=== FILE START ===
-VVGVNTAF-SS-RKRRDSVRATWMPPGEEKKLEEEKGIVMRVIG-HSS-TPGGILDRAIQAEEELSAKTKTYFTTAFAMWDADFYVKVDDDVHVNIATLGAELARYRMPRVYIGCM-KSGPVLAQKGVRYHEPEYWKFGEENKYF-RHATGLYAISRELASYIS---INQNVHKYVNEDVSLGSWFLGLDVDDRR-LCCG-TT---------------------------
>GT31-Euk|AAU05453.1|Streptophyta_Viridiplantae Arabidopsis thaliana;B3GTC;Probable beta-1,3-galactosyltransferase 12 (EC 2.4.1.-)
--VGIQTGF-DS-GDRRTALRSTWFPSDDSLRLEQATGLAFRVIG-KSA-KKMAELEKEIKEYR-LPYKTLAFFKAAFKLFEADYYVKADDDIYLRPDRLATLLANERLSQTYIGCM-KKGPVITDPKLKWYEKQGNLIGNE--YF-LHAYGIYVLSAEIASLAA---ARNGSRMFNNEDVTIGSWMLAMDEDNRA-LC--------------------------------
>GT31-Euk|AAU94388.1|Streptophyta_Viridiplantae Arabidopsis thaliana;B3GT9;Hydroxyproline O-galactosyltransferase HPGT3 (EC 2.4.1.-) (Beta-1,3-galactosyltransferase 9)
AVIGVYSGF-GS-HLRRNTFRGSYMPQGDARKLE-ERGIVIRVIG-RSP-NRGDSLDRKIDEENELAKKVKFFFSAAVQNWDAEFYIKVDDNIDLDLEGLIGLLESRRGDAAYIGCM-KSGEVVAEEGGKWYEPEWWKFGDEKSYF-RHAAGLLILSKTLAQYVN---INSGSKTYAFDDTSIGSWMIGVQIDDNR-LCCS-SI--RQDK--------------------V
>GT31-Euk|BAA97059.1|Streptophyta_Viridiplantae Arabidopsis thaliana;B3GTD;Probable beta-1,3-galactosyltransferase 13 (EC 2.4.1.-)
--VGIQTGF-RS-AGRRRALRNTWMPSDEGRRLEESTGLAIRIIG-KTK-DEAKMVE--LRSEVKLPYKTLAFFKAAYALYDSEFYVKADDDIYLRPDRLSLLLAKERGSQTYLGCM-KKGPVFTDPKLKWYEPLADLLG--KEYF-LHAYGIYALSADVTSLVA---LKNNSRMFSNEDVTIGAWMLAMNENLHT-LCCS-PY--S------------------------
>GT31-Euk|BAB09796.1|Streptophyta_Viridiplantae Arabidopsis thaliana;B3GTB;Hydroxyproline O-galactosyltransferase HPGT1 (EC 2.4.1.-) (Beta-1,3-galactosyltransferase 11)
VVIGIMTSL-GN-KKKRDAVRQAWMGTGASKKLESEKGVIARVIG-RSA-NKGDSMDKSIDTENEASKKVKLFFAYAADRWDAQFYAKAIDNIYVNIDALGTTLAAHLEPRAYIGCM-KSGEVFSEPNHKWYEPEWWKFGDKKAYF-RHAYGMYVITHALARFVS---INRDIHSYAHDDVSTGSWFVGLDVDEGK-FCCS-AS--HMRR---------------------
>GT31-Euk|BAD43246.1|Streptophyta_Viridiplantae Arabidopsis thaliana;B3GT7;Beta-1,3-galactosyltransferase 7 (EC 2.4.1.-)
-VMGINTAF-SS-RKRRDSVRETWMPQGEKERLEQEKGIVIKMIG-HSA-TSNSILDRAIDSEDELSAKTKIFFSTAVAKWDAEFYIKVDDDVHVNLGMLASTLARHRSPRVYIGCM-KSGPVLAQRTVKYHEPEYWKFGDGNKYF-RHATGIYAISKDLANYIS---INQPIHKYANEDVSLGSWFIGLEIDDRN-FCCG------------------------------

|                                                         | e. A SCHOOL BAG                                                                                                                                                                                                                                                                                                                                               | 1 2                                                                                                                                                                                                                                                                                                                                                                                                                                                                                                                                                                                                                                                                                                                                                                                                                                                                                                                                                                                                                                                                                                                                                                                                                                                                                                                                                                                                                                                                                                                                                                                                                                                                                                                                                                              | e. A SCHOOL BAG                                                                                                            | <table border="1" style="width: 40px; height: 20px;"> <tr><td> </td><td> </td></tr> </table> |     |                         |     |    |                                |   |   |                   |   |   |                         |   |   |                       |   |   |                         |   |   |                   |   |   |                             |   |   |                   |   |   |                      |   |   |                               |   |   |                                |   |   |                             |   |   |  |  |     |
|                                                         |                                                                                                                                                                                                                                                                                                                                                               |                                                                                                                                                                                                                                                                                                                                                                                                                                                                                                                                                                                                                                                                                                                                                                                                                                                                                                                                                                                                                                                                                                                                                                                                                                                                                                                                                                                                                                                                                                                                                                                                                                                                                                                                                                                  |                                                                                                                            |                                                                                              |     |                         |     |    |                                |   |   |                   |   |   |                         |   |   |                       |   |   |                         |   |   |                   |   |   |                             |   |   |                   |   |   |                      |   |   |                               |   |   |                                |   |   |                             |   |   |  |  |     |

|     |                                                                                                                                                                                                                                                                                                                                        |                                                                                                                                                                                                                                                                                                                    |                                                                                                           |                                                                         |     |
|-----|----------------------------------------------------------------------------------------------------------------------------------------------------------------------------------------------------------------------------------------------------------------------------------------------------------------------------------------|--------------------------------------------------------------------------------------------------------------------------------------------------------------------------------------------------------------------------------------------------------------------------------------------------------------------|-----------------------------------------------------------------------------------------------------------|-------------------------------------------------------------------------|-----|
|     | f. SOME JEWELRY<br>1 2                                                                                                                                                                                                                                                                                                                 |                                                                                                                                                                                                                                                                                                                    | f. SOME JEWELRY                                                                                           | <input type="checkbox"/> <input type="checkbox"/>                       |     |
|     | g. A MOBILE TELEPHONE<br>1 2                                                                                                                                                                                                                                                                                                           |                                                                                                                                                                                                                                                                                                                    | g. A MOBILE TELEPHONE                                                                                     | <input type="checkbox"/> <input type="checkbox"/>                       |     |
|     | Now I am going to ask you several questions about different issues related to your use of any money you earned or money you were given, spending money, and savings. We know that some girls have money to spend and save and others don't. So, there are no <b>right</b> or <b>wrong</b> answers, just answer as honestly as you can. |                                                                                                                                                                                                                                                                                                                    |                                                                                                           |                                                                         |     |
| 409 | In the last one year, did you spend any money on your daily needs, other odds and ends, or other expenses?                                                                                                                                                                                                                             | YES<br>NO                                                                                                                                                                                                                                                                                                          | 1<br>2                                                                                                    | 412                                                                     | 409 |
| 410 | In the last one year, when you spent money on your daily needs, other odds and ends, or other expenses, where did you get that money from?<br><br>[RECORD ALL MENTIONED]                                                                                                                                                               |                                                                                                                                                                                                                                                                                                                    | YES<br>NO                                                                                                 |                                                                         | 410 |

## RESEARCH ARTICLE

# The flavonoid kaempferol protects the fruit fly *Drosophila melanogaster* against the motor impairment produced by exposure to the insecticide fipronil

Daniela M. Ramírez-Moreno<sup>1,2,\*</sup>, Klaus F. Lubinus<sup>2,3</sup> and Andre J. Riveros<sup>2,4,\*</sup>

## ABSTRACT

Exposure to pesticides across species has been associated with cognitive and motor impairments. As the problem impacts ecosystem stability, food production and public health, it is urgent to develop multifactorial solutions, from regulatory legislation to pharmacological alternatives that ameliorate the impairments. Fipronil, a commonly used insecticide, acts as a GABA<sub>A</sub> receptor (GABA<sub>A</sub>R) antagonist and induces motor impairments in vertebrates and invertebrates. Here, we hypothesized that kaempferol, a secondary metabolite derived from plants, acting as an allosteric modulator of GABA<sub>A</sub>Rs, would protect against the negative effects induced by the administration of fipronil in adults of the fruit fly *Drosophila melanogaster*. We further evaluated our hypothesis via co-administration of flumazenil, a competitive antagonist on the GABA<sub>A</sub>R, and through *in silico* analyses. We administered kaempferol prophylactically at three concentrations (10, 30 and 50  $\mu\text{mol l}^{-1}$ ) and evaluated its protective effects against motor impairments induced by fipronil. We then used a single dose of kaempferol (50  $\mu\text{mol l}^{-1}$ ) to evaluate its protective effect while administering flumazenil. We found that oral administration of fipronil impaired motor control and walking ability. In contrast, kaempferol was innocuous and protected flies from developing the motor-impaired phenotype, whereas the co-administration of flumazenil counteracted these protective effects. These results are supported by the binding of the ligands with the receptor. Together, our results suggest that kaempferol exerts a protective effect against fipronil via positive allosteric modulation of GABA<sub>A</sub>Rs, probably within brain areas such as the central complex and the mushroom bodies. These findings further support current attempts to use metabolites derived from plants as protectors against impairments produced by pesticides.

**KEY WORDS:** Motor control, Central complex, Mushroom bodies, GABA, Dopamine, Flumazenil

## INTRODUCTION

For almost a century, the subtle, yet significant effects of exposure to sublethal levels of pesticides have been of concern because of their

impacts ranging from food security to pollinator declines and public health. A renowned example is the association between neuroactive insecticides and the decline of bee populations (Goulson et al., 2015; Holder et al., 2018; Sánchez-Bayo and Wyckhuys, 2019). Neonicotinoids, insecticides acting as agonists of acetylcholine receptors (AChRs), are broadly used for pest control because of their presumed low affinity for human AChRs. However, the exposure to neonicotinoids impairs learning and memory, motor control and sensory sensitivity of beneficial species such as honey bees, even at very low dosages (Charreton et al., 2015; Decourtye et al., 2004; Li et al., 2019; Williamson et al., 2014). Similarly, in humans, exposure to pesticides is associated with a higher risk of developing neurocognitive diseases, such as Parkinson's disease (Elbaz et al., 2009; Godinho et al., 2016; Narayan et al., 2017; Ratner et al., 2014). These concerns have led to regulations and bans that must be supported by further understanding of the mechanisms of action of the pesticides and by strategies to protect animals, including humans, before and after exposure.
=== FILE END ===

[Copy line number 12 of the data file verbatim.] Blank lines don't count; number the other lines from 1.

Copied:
|                                                         | e. A SCHOOL BAG                                                                                                                                                                                                                                                                                                                                               | 1 2                                                                                                                                                                                                                                                                                                                                                                                                                                                                                                                                                                                                                                                                                                                                                                                                                                                                                                                                                                                                                                                                                                                                                                                                                                                                                                                                                                                                                                                                                                                                                                                                                                                                                                                                                                              | e. A SCHOOL BAG                                                                                                            | <table border="1" style="width: 40px; height: 20px;"> <tr><td> </td><td> </td></tr> </table> |     |                         |     |    |                                |   |   |                   |   |   |                         |   |   |                       |   |   |                         |   |   |                   |   |   |                             |   |   |                   |   |   |                      |   |   |                               |   |   |                                |   |   |                             |   |   |  |  |     |